Do We Have to Advertise This Position?

About the author

Robert Joyce

View Other Posts

Share on Google+
Share on Reddit
Share on Tumblr

North Carolina governmental employers regularly have this question when they are hiring:  do we have to advertise this position? Maybe they already have in mind someone for the job, perhaps someone already working within the organization. Must they go through an advertising process when they have in fact already decided who they want to hire?

Here’s the short answer. If the employer is covered by the State Personnel Act (the “SPA,” Chapter 126 of the North Carolina General Statutes), then it must advertise position openings before making a hiring decision. For all other North Carolina governmental employers—cities, counties (except county agencies covered by the SPA), public school systems, community colleges, water and sewer authorities and many others—there is no requirement of advertising unless the governing body has imposed the requirement on itself by ordinance or policy.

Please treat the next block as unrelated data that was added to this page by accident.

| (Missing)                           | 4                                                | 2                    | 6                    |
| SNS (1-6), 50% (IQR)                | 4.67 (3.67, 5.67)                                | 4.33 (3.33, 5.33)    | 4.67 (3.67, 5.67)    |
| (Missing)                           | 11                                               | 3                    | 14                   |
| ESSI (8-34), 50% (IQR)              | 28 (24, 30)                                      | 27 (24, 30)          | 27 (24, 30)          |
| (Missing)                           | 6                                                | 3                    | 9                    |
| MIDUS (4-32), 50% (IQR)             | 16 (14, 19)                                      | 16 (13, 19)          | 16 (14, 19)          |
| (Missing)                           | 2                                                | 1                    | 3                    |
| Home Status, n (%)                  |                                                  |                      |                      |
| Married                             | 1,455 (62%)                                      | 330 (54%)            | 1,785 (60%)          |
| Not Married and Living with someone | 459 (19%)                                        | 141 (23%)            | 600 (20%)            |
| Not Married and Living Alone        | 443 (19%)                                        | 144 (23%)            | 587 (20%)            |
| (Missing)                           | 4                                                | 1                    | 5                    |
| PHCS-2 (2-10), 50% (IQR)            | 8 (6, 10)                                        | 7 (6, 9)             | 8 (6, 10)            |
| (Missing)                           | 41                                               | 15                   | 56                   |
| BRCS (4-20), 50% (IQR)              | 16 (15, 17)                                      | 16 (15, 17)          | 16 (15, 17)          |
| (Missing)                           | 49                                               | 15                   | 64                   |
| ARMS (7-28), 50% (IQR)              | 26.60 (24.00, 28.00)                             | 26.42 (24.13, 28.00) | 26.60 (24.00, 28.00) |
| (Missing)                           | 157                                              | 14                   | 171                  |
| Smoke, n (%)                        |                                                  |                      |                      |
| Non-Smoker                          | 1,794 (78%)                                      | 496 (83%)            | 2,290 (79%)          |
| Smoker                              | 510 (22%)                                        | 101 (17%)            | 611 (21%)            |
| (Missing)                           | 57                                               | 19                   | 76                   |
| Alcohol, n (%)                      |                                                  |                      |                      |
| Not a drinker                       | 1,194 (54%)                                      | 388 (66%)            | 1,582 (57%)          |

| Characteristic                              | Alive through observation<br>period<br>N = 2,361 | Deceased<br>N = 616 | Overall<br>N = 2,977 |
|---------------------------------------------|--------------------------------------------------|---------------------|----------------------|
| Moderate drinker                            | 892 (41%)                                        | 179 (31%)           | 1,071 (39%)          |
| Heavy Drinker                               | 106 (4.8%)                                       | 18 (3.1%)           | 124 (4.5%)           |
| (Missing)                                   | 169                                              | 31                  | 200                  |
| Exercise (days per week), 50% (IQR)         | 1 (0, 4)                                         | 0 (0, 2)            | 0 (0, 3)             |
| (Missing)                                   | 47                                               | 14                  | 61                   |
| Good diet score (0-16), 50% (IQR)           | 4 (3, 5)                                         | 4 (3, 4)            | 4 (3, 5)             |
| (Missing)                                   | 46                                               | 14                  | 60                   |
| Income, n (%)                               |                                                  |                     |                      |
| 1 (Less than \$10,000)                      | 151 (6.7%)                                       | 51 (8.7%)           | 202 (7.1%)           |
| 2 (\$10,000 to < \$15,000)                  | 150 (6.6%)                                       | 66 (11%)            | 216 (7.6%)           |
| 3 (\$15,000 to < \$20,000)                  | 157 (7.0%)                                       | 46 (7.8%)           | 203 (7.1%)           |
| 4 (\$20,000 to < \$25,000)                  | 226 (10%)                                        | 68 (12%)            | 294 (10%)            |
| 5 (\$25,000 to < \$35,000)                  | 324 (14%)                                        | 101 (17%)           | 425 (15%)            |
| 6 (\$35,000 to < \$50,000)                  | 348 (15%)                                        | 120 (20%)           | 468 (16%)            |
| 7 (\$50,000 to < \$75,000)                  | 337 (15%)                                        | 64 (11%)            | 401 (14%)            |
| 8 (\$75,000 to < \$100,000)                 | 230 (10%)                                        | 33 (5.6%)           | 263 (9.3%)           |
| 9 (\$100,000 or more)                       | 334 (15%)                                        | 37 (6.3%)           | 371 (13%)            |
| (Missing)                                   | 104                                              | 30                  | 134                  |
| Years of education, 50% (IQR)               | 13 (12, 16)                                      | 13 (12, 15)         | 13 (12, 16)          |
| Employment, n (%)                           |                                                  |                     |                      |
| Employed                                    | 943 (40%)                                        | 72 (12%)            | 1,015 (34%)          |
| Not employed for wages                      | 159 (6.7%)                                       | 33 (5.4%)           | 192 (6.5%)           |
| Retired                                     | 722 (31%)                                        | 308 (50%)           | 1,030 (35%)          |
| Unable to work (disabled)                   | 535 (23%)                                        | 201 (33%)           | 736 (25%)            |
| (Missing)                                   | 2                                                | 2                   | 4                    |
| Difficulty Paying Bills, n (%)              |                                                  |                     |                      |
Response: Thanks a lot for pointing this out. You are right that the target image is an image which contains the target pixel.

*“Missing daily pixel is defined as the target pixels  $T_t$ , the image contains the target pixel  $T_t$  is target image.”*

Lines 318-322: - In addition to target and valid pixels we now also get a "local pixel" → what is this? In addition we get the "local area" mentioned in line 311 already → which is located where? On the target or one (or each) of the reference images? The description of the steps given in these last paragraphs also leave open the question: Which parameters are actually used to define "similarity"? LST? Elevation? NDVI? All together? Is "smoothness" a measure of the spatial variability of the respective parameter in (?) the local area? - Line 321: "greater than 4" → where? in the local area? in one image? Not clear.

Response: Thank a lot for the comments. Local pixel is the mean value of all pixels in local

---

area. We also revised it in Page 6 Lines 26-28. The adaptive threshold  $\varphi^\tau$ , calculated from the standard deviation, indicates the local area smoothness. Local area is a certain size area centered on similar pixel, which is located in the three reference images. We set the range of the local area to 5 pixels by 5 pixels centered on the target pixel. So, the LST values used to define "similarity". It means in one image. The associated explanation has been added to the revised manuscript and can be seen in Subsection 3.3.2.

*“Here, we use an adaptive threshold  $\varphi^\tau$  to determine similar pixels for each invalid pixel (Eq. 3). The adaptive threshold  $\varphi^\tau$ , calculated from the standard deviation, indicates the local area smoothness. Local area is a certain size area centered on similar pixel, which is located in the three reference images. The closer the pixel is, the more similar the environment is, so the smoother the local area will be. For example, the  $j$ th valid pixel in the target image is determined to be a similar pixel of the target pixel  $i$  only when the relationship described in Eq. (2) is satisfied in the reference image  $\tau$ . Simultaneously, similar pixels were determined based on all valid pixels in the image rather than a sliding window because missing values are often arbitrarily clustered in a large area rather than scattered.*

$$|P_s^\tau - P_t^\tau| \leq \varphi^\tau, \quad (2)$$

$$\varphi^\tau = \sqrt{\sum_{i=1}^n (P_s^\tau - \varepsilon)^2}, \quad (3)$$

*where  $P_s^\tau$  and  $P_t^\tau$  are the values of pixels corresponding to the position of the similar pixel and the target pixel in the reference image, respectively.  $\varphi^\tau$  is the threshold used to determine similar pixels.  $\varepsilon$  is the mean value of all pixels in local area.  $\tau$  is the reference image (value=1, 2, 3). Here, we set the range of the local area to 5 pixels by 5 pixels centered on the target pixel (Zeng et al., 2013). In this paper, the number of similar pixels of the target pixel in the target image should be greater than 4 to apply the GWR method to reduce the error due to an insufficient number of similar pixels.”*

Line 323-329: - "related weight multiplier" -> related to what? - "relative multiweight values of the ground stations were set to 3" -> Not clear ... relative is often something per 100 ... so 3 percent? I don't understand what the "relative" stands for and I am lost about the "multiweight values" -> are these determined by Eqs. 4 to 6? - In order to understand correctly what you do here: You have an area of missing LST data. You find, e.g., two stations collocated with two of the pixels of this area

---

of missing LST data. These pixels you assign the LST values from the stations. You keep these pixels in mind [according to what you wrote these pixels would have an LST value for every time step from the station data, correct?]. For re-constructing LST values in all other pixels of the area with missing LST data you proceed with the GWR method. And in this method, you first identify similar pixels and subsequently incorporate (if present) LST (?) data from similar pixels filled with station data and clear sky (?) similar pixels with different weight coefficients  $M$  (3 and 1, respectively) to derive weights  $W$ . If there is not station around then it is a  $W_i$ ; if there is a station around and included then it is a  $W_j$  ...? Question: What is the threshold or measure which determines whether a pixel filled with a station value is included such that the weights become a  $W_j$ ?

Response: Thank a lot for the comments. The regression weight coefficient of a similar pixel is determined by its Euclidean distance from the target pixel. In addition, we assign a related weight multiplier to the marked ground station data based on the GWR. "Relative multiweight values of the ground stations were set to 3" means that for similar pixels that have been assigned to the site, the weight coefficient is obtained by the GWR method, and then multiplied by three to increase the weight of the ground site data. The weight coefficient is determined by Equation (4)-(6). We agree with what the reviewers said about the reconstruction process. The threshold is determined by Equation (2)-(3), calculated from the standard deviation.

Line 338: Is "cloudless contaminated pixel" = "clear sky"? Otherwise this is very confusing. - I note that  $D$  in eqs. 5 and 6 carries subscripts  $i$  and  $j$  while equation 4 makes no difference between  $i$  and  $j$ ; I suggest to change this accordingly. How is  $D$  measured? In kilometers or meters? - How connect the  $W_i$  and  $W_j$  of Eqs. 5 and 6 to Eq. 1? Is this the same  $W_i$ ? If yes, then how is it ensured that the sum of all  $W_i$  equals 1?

Most North Carolina Government Employers—No Requirement to Advertise

Let’s think first about employers not covered by the SPA—cities and counties and the others.  They have great latitude in deciding how they will recruit for and fill vacancies. There are no statutes or regulations directing that they must advertise vacancies, that they must post notices of vacancies, that they must interview a certain number of candidates, or that they must conduct their interviews in a certain way. These employers are free to design policies covering hiring procedures as they see fit. They must be greatly concerned, however, with the possibility that their procedures, if poorly constructed or improperly applied, may run afoul of federal statutes outlawing discrimination on account of race, color, religion, sex, national origin, age, or disability.